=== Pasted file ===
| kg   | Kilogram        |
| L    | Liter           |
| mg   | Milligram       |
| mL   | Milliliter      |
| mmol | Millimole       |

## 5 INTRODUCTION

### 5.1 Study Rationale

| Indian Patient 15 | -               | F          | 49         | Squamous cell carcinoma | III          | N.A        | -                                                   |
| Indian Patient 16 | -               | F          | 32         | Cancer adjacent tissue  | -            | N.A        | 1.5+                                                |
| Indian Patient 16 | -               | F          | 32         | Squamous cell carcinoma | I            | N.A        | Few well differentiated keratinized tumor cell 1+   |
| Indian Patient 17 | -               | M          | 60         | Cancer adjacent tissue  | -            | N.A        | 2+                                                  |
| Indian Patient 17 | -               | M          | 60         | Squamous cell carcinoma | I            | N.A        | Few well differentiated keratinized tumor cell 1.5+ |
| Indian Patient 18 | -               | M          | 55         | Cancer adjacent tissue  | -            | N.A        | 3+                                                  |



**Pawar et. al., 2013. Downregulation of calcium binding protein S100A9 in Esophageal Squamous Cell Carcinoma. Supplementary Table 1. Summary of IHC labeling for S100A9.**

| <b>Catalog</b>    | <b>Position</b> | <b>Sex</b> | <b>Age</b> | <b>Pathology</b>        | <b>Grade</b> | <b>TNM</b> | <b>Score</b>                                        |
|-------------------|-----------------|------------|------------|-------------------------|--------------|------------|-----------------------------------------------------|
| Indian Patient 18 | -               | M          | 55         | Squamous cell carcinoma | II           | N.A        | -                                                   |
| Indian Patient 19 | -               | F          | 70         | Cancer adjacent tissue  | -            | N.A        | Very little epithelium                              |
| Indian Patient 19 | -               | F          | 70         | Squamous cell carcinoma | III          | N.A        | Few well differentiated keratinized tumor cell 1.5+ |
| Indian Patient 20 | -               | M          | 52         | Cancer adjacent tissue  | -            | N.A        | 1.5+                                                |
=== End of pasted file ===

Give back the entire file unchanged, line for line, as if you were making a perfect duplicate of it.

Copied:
| kg   | Kilogram        |
| L    | Liter           |
| mg   | Milligram       |
| mL   | Milliliter      |
| mmol | Millimole       |

## 5 INTRODUCTION

### 5.1 Study Rationale

| Indian Patient 15 | -               | F          | 49         | Squamous cell carcinoma | III          | N.A        | -                                                   |
| Indian Patient 16 | -               | F          | 32         | Cancer adjacent tissue  | -            | N.A        | 1.5+                                                |
| Indian Patient 16 | -               | F          | 32         | Squamous cell carcinoma | I            | N.A        | Few well differentiated keratinized tumor cell 1+   |
| Indian Patient 17 | -               | M          | 60         | Cancer adjacent tissue  | -            | N.A        | 2+                                                  |
| Indian Patient 17 | -               | M          | 60         | Squamous cell carcinoma | I            | N.A        | Few well differentiated keratinized tumor cell 1.5+ |
| Indian Patient 18 | -               | M          | 55         | Cancer adjacent tissue  | -            | N.A        | 3+                                                  |



**Pawar et. al., 2013. Downregulation of calcium binding protein S100A9 in Esophageal Squamous Cell Carcinoma. Supplementary Table 1. Summary of IHC labeling for S100A9.**

| <b>Catalog</b>    | <b>Position</b> | <b>Sex</b> | <b>Age</b> | <b>Pathology</b>        | <b>Grade</b> | <b>TNM</b> | <b>Score</b>                                        |
|-------------------|-----------------|------------|------------|-------------------------|--------------|------------|-----------------------------------------------------|
| Indian Patient 18 | -               | M          | 55         | Squamous cell carcinoma | II           | N.A        | -                                                   |
| Indian Patient 19 | -               | F          | 70         | Cancer adjacent tissue  | -            | N.A        | Very little epithelium                              |
| Indian Patient 19 | -               | F          | 70         | Squamous cell carcinoma | III          | N.A        | Few well differentiated keratinized tumor cell 1.5+ |
| Indian Patient 20 | -               | M          | 52         | Cancer adjacent tissue  | -            | N.A        | 1.5+                                                |